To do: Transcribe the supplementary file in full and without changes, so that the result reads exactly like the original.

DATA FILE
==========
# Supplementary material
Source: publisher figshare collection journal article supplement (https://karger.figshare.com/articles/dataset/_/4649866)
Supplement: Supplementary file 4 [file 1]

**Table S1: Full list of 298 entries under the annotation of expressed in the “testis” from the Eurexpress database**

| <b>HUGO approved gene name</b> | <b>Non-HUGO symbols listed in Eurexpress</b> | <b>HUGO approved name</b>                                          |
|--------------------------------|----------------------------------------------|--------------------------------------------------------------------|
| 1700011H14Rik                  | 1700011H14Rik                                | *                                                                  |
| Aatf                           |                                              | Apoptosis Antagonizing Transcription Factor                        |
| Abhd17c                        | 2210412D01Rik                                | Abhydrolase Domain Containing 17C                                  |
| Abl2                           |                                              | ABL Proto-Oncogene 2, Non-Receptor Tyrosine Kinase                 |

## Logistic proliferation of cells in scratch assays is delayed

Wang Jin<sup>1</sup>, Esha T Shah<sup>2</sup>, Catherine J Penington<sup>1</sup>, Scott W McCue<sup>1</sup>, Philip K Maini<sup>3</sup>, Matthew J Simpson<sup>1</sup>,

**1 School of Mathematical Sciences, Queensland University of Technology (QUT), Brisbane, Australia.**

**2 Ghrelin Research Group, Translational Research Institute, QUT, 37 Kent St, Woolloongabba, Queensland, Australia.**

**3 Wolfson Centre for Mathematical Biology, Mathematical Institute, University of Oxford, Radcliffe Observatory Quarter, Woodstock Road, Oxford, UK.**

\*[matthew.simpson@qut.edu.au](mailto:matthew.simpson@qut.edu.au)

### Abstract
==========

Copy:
# Supplementary material
Source: publisher figshare collection journal article supplement (https://karger.figshare.com/articles/dataset/_/4649866)
Supplement: Supplementary file 4 [file 1]

**Table S1: Full list of 298 entries under the annotation of expressed in the “testis” from the Eurexpress database**

| <b>HUGO approved gene name</b> | <b>Non-HUGO symbols listed in Eurexpress</b> | <b>HUGO approved name</b>                                          |
|--------------------------------|----------------------------------------------|--------------------------------------------------------------------|
| 1700011H14Rik                  | 1700011H14Rik                                | *                                                                  |
| Aatf                           |                                              | Apoptosis Antagonizing Transcription Factor                        |
| Abhd17c                        | 2210412D01Rik                                | Abhydrolase Domain Containing 17C                                  |
| Abl2                           |                                              | ABL Proto-Oncogene 2, Non-Receptor Tyrosine Kinase                 |

## Logistic proliferation of cells in scratch assays is delayed

Wang Jin<sup>1</sup>, Esha T Shah<sup>2</sup>, Catherine J Penington<sup>1</sup>, Scott W McCue<sup>1</sup>, Philip K Maini<sup>3</sup>, Matthew J Simpson<sup>1</sup>,

**1 School of Mathematical Sciences, Queensland University of Technology (QUT), Brisbane, Australia.**

**2 Ghrelin Research Group, Translational Research Institute, QUT, 37 Kent St, Woolloongabba, Queensland, Australia.**

**3 Wolfson Centre for Mathematical Biology, Mathematical Institute, University of Oxford, Radcliffe Observatory Quarter, Woodstock Road, Oxford, UK.**

\*[matthew.simpson@qut.edu.au](mailto:matthew.simpson@qut.edu.au)

### Abstract